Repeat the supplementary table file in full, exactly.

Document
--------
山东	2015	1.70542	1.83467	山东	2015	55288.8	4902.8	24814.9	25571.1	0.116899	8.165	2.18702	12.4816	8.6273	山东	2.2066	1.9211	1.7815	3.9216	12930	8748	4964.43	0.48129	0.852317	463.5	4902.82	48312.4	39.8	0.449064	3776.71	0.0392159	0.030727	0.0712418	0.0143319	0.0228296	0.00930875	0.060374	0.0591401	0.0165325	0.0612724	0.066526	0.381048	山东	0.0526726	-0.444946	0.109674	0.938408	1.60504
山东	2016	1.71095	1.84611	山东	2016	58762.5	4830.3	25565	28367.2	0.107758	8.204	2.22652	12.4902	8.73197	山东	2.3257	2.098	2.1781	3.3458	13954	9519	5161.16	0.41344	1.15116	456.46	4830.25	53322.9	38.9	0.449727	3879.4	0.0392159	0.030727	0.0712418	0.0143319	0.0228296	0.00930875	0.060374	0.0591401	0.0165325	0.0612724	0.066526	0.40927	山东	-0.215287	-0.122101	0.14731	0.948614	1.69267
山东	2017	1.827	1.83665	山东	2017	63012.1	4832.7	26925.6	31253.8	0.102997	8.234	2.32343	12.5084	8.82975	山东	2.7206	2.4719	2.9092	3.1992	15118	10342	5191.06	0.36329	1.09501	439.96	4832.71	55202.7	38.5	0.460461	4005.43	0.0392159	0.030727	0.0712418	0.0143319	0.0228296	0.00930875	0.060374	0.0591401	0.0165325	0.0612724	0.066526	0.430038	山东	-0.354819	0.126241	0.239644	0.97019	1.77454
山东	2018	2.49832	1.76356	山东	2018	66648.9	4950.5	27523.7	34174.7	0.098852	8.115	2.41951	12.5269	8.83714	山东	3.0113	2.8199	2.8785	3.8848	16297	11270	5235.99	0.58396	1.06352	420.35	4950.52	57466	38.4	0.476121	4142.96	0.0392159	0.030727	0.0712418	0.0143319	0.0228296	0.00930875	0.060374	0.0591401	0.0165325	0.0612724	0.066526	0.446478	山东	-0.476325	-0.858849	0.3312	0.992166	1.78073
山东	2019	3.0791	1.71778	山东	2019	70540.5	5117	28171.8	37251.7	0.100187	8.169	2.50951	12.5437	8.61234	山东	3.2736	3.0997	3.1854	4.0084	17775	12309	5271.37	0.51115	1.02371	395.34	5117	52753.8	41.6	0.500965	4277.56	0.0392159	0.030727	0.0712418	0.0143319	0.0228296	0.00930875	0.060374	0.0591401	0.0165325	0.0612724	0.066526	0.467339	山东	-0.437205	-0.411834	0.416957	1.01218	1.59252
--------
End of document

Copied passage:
山东	2015	1.70542	1.83467	山东	2015	55288.8	4902.8	24814.9	25571.1	0.116899	8.165	2.18702	12.4816	8.6273	山东	2.2066	1.9211	1.7815	3.9216	12930	8748	4964.43	0.48129	0.852317	463.5	4902.82	48312.4	39.8	0.449064	3776.71	0.0392159	0.030727	0.0712418	0.0143319	0.0228296	0.00930875	0.060374	0.0591401	0.0165325	0.0612724	0.066526	0.381048	山东	0.0526726	-0.444946	0.109674	0.938408	1.60504
山东	2016	1.71095	1.84611	山东	2016	58762.5	4830.3	25565	28367.2	0.107758	8.204	2.22652	12.4902	8.73197	山东	2.3257	2.098	2.1781	3.3458	13954	9519	5161.16	0.41344	1.15116	456.46	4830.25	53322.9	38.9	0.449727	3879.4	0.0392159	0.030727	0.0712418	0.0143319	0.0228296	0.00930875	0.060374	0.0591401	0.0165325	0.0612724	0.066526	0.40927	山东	-0.215287	-0.122101	0.14731	0.948614	1.69267
山东	2017	1.827	1.83665	山东	2017	63012.1	4832.7	26925.6	31253.8	0.102997	8.234	2.32343	12.5084	8.82975	山东	2.7206	2.4719	2.9092	3.1992	15118	10342	5191.06	0.36329	1.09501	439.96	4832.71	55202.7	38.5	0.460461	4005.43	0.0392159	0.030727	0.0712418	0.0143319	0.0228296	0.00930875	0.060374	0.0591401	0.0165325	0.0612724	0.066526	0.430038	山东	-0.354819	0.126241	0.239644	0.97019	1.77454
山东	2018	2.49832	1.76356	山东	2018	66648.9	4950.5	27523.7	34174.7	0.098852	8.115	2.41951	12.5269	8.83714	山东	3.0113	2.8199	2.8785	3.8848	16297	11270	5235.99	0.58396	1.06352	420.35	4950.52	57466	38.4	0.476121	4142.96	0.0392159	0.030727	0.0712418	0.0143319	0.0228296	0.00930875	0.060374	0.0591401	0.0165325	0.0612724	0.066526	0.446478	山东	-0.476325	-0.858849	0.3312	0.992166	1.78073
山东	2019	3.0791	1.71778	山东	2019	70540.5	5117	28171.8	37251.7	0.100187	8.169	2.50951	12.5437	8.61234	山东	3.2736	3.0997	3.1854	4.0084	17775	12309	5271.37	0.51115	1.02371	395.34	5117	52753.8	41.6	0.500965	4277.56	0.0392159	0.030727	0.0712418	0.0143319	0.0228296	0.00930875	0.060374	0.0591401	0.0165325	0.0612724	0.066526	0.467339	山东	-0.437205	-0.411834	0.416957	1.01218	1.59252